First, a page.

The National Trust encourages all efforts to protect and re-establish rare native trees in their natural environment.
One of our largest native critically endangered trees, the Yellow Mastic tree, not to be confused with our endemic Black Mastic tree (also critically endangered), is found on the Mastic Trail at the highest point on Grand Cayman, a towering 60 feet above sea level!
The heartwood is heavy and strong.
Mastic was valuable for its timber in the Bahamas and West Indies and has been used for cabinetwork and boat timbers.
Yellow Mastic trees were heavily logged but are still found in Cayman.
Mastic has the potential to make an excellent shade tree but not for someone who is impatient.
It can take 100 years or more for mastic to mature to its tallest heights. The Mastic Trail provides a unique opportunity for the adventurous traveler to see a different side of this beautiful Caribbean island. The following is taken from Wild Trees in the Cayman Islands by Fred Burton, with illustrations by Penny Clifford. Photographs provided by Ann Stafford.
One of our largest native trees, Yellow Mastic grows as a tall, single trunked tree emerging above the surrounding woodland canopy.
The straight trunk usually appears pock-marked from shedding of irregular flakes of bark.
Old bark surfaces are pale grey with lichen growth, while newly exposed bark beneath shedding flakes is a pale reddish brown. On really old, massive trees the bark sheds in heavy sheets.
The leaves are often so high up that you need a pair of binoculars to make them out: the long leaf stalks and wavy leaf edges are quite characteristic, and can still be seen on dead fallen leaves beneath the tree.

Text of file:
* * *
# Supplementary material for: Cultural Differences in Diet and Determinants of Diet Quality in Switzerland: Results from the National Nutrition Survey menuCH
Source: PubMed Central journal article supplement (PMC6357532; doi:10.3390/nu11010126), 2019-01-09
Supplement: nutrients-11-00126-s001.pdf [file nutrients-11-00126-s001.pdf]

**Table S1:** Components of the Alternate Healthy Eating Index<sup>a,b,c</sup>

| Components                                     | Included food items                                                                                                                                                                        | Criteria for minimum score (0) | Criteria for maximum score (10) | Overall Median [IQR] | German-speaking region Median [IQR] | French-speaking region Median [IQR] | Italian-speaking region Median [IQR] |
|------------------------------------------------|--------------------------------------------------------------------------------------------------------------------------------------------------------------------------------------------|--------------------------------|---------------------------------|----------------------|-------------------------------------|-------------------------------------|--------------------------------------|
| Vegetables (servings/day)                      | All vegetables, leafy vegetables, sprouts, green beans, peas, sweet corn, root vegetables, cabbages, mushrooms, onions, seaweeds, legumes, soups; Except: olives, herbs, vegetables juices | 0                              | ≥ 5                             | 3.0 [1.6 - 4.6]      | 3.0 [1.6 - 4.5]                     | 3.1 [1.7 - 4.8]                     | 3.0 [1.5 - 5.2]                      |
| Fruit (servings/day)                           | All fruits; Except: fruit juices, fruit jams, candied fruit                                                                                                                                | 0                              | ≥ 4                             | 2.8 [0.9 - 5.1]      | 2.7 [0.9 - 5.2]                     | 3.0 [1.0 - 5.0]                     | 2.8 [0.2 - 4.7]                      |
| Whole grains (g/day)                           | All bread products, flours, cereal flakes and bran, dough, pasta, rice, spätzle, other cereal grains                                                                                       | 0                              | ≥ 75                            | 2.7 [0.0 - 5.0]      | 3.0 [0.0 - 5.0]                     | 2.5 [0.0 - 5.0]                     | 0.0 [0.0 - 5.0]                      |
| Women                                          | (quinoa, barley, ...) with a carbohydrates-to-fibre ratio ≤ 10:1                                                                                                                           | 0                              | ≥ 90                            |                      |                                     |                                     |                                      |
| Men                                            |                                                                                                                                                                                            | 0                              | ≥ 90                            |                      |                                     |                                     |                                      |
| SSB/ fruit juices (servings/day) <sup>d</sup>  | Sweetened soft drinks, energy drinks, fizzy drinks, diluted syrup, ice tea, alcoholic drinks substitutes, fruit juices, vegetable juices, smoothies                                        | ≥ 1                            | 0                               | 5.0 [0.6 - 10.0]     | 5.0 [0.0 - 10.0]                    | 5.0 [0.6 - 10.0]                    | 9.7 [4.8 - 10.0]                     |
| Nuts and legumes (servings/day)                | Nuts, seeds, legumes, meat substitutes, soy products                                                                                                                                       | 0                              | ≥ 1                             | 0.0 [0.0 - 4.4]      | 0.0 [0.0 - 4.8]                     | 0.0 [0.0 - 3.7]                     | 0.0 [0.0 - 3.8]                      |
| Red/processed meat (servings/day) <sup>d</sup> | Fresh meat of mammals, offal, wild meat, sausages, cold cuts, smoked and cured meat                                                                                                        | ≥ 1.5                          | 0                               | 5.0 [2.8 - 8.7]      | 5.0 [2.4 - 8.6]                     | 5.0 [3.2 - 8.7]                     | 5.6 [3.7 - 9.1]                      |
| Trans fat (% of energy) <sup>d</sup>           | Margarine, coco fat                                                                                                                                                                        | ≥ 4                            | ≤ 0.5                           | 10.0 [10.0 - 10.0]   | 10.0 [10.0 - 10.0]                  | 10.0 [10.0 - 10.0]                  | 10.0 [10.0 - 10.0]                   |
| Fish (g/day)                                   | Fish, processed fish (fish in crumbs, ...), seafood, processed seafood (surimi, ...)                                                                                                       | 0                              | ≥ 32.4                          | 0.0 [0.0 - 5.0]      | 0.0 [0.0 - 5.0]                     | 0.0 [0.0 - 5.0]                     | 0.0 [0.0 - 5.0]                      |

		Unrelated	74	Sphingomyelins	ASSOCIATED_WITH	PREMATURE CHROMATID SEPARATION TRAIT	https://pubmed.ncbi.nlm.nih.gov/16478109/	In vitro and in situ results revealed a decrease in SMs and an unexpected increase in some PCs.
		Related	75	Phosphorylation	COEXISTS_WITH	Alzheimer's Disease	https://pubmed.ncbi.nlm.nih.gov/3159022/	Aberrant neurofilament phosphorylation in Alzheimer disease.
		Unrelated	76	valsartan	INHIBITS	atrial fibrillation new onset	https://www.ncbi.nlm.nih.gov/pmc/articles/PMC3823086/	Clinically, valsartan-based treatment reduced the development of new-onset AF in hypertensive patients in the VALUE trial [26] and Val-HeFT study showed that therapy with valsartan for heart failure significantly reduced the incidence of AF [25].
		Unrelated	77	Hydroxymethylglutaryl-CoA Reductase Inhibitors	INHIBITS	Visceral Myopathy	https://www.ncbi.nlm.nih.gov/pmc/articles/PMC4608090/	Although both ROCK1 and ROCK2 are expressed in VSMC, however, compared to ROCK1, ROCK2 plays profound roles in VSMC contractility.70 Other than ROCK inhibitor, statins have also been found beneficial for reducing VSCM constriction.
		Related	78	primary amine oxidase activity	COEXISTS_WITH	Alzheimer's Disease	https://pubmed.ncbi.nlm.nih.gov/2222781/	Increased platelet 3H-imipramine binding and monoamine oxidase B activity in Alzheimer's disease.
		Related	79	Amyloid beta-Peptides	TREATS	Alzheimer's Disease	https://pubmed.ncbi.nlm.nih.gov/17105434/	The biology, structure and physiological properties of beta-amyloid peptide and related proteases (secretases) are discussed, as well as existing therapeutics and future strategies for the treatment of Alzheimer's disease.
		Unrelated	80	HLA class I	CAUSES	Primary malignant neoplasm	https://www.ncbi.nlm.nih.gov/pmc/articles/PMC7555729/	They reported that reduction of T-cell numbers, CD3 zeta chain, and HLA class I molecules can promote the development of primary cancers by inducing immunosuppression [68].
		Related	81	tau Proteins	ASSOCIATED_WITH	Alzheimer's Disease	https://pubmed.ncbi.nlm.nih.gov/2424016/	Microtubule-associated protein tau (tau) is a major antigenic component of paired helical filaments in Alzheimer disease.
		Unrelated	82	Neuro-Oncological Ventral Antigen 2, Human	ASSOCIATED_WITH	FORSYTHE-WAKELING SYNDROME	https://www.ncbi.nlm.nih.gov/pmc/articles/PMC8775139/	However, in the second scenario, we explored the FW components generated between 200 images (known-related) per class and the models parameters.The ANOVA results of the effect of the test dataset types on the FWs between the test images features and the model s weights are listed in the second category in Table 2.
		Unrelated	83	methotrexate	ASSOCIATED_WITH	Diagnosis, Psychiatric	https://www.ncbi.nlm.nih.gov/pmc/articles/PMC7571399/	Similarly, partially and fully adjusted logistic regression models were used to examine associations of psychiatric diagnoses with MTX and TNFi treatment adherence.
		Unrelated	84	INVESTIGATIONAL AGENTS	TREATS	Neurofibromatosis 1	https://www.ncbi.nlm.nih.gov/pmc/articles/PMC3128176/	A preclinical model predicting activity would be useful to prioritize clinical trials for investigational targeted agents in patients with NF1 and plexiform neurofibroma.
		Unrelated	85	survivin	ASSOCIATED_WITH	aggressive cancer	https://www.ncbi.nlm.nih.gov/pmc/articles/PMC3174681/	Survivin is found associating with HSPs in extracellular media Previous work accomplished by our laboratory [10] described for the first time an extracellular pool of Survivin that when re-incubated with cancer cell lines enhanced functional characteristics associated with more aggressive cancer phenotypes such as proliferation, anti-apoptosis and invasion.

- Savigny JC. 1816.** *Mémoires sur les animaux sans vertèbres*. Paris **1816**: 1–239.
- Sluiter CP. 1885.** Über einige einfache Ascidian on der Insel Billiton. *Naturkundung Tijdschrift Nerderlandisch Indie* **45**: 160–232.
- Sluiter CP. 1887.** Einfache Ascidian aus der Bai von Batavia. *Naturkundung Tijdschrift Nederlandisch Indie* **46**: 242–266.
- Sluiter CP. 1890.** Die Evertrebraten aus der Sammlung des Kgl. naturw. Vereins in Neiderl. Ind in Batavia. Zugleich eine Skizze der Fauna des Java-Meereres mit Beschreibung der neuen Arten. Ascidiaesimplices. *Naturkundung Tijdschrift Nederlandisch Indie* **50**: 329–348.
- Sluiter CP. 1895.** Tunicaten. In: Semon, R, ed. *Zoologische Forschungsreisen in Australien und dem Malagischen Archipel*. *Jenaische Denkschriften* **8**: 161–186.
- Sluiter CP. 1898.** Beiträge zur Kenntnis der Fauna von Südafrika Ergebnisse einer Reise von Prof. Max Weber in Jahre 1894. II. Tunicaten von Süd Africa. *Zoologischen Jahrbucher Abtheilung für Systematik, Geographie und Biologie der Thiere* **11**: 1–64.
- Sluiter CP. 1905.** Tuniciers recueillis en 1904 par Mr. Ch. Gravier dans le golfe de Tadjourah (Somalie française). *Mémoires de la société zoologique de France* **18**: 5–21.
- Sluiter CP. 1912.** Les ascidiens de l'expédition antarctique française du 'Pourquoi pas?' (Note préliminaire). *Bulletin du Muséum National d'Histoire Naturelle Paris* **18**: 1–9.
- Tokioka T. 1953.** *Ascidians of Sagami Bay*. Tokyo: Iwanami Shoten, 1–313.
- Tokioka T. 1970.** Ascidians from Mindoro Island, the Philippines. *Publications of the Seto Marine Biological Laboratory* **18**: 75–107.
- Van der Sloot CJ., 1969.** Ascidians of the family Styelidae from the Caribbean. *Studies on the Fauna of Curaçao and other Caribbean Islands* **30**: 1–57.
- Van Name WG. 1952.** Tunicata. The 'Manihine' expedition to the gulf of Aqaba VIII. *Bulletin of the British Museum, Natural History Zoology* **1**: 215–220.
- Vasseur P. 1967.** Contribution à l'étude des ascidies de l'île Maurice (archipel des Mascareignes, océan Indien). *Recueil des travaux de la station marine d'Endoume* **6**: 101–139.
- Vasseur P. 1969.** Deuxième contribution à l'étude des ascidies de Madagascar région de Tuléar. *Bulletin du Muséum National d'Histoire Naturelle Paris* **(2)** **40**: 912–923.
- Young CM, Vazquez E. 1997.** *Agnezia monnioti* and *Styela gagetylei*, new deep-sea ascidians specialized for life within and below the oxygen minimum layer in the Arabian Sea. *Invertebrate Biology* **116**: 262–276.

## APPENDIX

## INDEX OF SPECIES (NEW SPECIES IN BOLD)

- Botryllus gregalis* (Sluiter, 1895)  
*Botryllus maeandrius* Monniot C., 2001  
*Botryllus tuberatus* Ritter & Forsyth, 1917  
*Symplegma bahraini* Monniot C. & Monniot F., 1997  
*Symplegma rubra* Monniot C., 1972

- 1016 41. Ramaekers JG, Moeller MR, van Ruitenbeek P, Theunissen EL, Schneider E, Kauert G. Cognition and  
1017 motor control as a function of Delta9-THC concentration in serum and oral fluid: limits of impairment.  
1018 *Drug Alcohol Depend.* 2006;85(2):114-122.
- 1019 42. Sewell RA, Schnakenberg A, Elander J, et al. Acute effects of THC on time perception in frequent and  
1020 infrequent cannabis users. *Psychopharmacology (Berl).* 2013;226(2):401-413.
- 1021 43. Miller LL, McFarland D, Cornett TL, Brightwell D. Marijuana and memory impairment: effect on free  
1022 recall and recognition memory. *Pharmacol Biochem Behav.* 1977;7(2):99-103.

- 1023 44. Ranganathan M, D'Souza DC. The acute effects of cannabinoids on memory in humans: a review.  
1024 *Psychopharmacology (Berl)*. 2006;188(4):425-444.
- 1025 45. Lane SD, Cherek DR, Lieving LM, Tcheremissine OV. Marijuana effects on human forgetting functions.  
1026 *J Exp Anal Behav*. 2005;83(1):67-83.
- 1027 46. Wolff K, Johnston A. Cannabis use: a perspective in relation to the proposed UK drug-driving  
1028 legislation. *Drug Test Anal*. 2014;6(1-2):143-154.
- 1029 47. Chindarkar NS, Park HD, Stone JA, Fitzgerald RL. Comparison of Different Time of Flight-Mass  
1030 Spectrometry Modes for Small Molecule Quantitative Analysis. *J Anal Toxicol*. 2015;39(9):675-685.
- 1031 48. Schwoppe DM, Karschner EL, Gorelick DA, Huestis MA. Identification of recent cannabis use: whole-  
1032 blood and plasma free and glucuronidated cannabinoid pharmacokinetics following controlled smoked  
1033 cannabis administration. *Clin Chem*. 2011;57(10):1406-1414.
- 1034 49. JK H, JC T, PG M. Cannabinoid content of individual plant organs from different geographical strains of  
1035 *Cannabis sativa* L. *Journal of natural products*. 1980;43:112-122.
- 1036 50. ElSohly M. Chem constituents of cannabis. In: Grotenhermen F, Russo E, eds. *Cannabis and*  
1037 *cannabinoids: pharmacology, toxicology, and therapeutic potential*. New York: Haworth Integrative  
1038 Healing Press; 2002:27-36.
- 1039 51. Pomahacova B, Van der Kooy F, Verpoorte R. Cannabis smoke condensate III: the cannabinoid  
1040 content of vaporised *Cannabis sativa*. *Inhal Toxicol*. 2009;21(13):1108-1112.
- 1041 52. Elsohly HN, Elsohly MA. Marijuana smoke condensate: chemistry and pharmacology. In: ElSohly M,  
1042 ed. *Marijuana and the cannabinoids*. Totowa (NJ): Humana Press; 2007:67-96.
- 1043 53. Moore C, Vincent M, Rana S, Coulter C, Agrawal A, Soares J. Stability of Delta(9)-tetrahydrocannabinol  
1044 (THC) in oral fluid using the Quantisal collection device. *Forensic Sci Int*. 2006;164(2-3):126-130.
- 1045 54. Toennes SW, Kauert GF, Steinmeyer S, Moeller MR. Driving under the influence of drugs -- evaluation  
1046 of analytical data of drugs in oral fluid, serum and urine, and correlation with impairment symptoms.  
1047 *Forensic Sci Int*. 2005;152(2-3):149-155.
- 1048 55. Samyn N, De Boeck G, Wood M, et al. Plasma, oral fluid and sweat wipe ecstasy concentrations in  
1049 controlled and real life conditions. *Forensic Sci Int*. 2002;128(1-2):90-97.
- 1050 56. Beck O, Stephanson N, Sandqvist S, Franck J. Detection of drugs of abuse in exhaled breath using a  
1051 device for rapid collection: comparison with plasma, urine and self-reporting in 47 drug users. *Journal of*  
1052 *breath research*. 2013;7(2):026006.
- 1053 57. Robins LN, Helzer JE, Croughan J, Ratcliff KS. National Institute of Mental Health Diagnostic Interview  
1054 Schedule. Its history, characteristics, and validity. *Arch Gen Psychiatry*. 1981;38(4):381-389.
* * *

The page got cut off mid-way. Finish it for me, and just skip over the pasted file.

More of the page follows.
Individual trees do not flower every year, but when they do it is usually in December or June. The yellow flowers have a heavy, musty scent which carries some distance through the woodland. The fruits are just under 1 inch in diameter, ripen to a pale yellow colour, and contain a single large, shiny brown seed.
Yellow Mastic is still abundant on Cayman Brac’s Bluff, but on Grand Cayman the only significant stand remaining is in an area of North Side appropriately called ‘The Mastic,’ partly within a reserve protected by the National Trust. It does not occur on Little Cayman, but is native throughout the West Indies.
This magnificent tree was much more common in times past, but its wood is extremely useful and has attracted the attention of loggers everywhere. Sandpapering the seeds helps to speed up the otherwise slow germination process: the tree is not particularly fast growing.
Protect Cayman trees and encourage Cayman Wildlife! For more information, to share your knowledge or if you would like to get involved with the many activities in the National Trust’s Know Your Islands Program, please visit www.nationaltrust.org.ky or contact [email protected] or 949-0121.
Last week’s answer: The Grand Cayman Thrush (Turdus ravidus) is now extinct. The last specimens were collected (by Brown) in 1916, and the last sight record (by Lewis) was in 1938.
Trivia question: What are the 3 species of marine flowering plants (versus algae), each easily distinguished by the size and shape of its leaves?
Look for the answer in next week’s column.
The weekly column from the National Trust is submitted by Marnie Laing, Education Programs Manager at the Trust. The Trust can be contacted at 949-0121 or via email at [email protected]